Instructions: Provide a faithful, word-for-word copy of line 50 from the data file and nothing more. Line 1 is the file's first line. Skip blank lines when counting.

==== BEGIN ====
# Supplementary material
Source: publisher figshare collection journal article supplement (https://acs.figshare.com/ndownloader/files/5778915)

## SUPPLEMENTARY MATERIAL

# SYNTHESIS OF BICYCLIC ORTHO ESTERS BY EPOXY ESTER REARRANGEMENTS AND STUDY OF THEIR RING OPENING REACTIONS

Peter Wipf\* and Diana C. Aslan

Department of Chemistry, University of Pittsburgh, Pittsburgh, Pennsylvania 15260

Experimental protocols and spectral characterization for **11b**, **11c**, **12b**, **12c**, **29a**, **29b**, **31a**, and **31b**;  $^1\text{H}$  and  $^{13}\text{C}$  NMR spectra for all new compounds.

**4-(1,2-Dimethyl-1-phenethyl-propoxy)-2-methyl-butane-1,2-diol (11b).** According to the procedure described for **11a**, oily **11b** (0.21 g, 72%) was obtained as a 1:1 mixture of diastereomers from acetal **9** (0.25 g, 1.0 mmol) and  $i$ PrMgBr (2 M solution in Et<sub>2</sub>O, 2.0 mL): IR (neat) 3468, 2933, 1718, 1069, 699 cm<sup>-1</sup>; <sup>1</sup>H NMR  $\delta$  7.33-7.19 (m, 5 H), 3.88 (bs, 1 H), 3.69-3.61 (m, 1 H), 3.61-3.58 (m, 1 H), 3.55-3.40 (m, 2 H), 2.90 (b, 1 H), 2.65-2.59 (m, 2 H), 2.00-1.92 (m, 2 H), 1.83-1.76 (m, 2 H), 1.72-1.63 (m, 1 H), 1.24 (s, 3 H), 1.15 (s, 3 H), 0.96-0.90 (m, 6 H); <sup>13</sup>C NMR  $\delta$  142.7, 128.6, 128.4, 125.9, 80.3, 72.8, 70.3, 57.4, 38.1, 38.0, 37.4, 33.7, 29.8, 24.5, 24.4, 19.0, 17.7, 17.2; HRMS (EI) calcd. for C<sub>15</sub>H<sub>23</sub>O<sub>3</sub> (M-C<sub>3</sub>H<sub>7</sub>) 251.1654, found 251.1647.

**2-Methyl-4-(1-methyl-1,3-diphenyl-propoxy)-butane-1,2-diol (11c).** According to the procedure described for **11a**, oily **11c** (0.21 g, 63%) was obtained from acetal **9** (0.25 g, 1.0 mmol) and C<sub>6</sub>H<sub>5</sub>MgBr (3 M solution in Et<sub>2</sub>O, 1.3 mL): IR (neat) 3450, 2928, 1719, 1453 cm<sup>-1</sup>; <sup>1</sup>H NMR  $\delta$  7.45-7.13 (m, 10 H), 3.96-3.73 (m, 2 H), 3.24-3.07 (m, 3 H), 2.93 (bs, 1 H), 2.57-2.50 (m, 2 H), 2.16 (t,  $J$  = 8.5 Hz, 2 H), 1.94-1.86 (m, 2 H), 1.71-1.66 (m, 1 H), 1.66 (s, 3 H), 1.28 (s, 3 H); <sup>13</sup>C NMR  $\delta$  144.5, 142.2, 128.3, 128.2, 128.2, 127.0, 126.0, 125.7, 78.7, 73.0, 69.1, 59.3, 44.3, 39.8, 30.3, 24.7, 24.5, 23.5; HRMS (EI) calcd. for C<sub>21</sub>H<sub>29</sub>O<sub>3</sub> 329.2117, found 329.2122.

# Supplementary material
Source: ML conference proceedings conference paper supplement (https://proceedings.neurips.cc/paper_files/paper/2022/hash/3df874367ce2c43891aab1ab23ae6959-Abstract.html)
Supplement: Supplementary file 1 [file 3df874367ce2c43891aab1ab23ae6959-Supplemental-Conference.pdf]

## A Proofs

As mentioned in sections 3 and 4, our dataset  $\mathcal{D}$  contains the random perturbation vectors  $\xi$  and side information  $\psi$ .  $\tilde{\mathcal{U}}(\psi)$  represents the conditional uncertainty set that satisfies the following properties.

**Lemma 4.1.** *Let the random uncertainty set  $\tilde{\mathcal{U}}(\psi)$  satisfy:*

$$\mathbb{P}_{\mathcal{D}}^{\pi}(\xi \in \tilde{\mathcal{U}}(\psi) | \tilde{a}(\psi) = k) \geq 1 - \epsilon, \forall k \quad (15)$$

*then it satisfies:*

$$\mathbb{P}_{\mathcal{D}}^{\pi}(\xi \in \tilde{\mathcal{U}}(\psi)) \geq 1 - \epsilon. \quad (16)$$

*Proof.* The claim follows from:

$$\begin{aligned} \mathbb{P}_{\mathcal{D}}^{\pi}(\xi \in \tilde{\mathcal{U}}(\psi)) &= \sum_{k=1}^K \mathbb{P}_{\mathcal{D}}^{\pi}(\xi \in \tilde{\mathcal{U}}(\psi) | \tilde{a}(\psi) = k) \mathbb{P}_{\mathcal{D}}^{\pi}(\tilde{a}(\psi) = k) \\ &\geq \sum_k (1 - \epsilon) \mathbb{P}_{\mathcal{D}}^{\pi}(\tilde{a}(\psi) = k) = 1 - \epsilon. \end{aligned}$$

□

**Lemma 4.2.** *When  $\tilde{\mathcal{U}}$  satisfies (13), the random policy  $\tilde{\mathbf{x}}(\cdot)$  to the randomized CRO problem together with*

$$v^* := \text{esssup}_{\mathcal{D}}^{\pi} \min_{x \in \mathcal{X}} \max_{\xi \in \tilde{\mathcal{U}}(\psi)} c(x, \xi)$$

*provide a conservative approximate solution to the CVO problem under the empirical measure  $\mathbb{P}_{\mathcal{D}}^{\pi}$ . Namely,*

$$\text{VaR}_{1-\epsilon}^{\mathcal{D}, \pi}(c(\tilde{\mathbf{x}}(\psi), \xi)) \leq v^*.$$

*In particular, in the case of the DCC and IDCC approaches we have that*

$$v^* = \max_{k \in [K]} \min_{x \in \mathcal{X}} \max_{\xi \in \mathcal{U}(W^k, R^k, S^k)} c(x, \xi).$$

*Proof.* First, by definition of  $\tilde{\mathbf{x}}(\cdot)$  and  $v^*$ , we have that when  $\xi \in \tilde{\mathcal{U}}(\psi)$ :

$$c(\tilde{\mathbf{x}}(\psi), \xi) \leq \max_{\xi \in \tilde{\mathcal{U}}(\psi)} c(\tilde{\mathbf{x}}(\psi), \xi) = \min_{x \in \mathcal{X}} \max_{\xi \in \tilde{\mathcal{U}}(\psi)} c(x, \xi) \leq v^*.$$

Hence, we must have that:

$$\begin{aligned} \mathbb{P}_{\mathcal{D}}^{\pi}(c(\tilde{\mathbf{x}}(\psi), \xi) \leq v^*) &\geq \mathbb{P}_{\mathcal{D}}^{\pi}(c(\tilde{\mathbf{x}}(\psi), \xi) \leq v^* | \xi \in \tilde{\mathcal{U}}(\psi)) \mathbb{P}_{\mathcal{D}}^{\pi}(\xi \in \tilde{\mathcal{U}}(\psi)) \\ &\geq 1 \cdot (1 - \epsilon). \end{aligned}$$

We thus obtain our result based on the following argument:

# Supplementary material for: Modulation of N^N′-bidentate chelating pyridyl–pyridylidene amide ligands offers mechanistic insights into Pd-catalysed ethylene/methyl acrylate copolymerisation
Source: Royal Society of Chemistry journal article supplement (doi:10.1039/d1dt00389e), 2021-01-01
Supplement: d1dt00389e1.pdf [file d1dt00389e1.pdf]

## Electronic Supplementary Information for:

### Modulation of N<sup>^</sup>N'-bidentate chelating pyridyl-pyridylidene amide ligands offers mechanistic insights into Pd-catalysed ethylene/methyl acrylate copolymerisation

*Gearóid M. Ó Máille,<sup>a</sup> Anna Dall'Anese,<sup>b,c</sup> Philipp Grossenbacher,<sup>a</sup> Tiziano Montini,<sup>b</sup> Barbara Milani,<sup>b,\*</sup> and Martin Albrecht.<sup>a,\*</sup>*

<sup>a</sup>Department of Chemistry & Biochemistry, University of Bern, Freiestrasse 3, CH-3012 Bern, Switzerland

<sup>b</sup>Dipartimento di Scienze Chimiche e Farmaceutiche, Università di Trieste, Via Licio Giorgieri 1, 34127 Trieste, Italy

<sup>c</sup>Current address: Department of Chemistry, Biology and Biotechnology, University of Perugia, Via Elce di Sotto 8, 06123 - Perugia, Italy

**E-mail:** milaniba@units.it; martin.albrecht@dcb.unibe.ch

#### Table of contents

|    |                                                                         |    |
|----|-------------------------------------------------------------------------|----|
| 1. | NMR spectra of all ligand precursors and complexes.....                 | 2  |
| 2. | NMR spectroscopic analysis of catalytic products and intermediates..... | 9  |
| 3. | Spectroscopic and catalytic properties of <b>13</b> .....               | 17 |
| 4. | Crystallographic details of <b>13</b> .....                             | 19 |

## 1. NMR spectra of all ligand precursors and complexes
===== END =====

## 1. NMR spectra of all ligand precursors and complexes